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Clinical trial tackles highly contagious feline ocular virus

Morris Animal Foundation says a viable treatment for FHV-1 will improve the welfare and adoptability of cats living in shelters

Andrew Lewin, DVM, BVM&S, MRCVS, DACVO, examines a cat’s eyes. Photo courtesy of Louisiana State University
Andrew Lewin, DVM, BVM&S, MRCVS, DACVO, examines a cat’s eyes.

Saving the eyes and lives of shelter cats is central to a clinical trial underway at Louisiana State University (LSU).

Morris Animal Foundation-funded researchers are testing three common antiviral drugs to determine which is most effective in treating eye infections caused by feline herpesvirus (FHV-1).

The results, researchers say, could aid in the treatment of the highly contagious virus and slow its spread in densely populated environments, such as animal shelters.

“This virus can be debilitating, with outcomes pretty variable from cat to cat,” says the study’s principal investigator, Andrew Lewin, DVM, BVM&S, MRCVS, DACVO. “We want to be able to make a meaningful recommendation for veterinarians to improve the welfare of these animals.”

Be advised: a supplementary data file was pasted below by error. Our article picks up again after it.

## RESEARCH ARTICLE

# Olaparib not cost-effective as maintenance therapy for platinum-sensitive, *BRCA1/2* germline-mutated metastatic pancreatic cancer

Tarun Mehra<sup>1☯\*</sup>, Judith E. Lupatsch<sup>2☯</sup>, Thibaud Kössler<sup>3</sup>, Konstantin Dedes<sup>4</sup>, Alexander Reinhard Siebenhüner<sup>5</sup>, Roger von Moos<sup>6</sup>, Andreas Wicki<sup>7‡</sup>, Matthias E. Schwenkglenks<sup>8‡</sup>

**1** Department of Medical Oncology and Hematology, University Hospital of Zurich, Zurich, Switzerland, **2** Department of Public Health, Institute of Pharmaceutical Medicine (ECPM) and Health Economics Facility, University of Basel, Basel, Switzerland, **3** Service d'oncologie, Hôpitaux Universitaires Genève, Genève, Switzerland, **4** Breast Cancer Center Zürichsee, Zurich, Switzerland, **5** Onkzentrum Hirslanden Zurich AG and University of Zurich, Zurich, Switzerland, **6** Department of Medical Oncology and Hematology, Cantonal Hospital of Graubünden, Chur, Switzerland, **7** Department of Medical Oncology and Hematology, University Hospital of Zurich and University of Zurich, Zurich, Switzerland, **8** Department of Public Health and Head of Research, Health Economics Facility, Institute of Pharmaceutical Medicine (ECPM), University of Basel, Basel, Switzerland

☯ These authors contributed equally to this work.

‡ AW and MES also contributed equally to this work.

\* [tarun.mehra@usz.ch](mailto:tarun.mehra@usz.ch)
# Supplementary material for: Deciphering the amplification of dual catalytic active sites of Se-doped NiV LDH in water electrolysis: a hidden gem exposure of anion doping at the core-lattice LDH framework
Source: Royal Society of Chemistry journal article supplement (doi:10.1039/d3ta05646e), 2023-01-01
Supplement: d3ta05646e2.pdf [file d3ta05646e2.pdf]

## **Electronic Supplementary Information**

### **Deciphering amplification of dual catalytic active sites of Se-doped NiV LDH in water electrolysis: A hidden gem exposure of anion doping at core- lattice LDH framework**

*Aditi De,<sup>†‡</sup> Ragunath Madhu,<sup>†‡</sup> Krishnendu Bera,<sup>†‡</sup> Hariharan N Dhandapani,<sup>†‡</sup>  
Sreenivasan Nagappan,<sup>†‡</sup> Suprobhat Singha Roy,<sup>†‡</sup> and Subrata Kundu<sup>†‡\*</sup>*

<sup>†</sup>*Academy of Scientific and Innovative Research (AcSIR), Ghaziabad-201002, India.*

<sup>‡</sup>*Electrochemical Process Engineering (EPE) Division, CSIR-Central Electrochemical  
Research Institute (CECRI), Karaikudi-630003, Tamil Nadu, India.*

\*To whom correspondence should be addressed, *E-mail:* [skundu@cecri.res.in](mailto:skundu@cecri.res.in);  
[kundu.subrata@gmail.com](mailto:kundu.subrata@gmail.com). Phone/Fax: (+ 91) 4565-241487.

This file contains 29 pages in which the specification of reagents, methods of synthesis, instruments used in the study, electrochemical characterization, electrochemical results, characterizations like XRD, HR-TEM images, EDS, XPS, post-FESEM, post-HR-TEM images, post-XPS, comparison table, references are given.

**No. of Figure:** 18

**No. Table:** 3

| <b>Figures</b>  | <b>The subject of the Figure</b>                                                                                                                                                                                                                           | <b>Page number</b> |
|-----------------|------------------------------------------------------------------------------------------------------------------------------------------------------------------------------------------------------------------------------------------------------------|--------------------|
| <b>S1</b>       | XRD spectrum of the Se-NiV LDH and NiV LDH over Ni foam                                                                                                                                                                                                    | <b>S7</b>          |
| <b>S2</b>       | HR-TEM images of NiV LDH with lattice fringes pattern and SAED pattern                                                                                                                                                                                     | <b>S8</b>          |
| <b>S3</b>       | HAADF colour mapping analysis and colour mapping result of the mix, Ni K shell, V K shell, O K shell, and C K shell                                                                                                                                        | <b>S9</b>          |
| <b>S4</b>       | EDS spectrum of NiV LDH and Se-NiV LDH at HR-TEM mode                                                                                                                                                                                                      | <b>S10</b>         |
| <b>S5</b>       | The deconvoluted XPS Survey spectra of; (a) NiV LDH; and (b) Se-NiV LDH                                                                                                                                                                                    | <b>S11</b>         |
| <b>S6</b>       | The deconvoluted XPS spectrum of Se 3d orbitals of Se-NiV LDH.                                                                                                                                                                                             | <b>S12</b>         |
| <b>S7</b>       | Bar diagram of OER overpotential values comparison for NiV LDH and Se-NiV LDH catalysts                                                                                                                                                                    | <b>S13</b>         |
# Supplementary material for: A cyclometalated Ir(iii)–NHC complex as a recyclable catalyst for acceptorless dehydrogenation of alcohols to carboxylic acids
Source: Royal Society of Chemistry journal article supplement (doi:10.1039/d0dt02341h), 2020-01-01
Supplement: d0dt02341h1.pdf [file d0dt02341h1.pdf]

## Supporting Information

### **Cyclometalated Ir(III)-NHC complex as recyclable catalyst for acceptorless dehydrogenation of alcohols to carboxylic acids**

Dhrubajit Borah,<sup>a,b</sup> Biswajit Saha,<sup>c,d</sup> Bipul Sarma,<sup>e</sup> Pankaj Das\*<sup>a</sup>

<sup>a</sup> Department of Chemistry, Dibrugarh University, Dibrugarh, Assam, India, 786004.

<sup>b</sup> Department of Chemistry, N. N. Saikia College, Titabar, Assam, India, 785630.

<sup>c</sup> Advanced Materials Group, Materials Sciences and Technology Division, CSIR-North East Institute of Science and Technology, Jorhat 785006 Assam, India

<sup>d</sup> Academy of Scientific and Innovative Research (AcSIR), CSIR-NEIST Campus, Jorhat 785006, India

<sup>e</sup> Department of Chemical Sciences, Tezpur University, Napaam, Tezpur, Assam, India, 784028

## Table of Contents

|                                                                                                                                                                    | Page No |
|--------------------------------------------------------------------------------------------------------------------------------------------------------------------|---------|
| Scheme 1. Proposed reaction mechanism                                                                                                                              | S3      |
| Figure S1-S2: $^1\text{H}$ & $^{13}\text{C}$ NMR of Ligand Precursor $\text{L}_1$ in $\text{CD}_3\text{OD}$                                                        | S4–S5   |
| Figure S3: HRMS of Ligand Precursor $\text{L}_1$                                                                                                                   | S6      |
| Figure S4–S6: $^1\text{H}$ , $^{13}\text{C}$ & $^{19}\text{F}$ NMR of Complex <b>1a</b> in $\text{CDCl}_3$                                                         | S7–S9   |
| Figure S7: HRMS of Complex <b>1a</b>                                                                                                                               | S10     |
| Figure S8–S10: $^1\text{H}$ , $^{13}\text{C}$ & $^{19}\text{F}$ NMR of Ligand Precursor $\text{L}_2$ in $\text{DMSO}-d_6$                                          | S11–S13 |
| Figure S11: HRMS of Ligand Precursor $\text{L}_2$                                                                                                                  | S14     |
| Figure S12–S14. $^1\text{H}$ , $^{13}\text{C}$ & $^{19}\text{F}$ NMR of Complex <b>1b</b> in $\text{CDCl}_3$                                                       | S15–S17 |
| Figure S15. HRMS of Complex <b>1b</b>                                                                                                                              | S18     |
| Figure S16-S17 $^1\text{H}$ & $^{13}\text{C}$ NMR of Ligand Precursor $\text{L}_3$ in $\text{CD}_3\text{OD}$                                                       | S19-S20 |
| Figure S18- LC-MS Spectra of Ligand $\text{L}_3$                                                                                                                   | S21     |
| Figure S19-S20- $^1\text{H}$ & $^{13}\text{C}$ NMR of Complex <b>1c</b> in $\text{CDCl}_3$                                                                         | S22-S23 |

Typically transmitted through sneezing or grooming, FHV-1 can infect cells and remain dormant in cats indefinitely. Felines can experience severe issues related to the virus at some point in their lives, with afflicted animals presenting with respiratory issues, discharge from the nose or eye, and, in extreme cases, loss of vision or chronic upper respiratory disease, LSU says.

For the clinical trial, Dr. Lewin and his team will administer three available antivirals—cidofovir, ganciclovir, and famciclovir—to more than 120 shelter cats with symptoms of FHV-1 eye infections to test each treatment’s efficacy.

The team will also conduct tests using a DNA sequencing technique to determine if the virus develops a resistance to the antivirals.

“Feline herpesvirus is a huge welfare issue for shelter cats and it is important we find a viable method to address it,” says Morris Animal Foundation’s chief scientific officer, Janet Patterson-Kane, B.VSc., PhD, FRCVS. “We want all animals to have a chance at a full, healthy life and, because this virus has such an impact on adoptability, a study like this could do wonders for cats waiting for a permanent home.”

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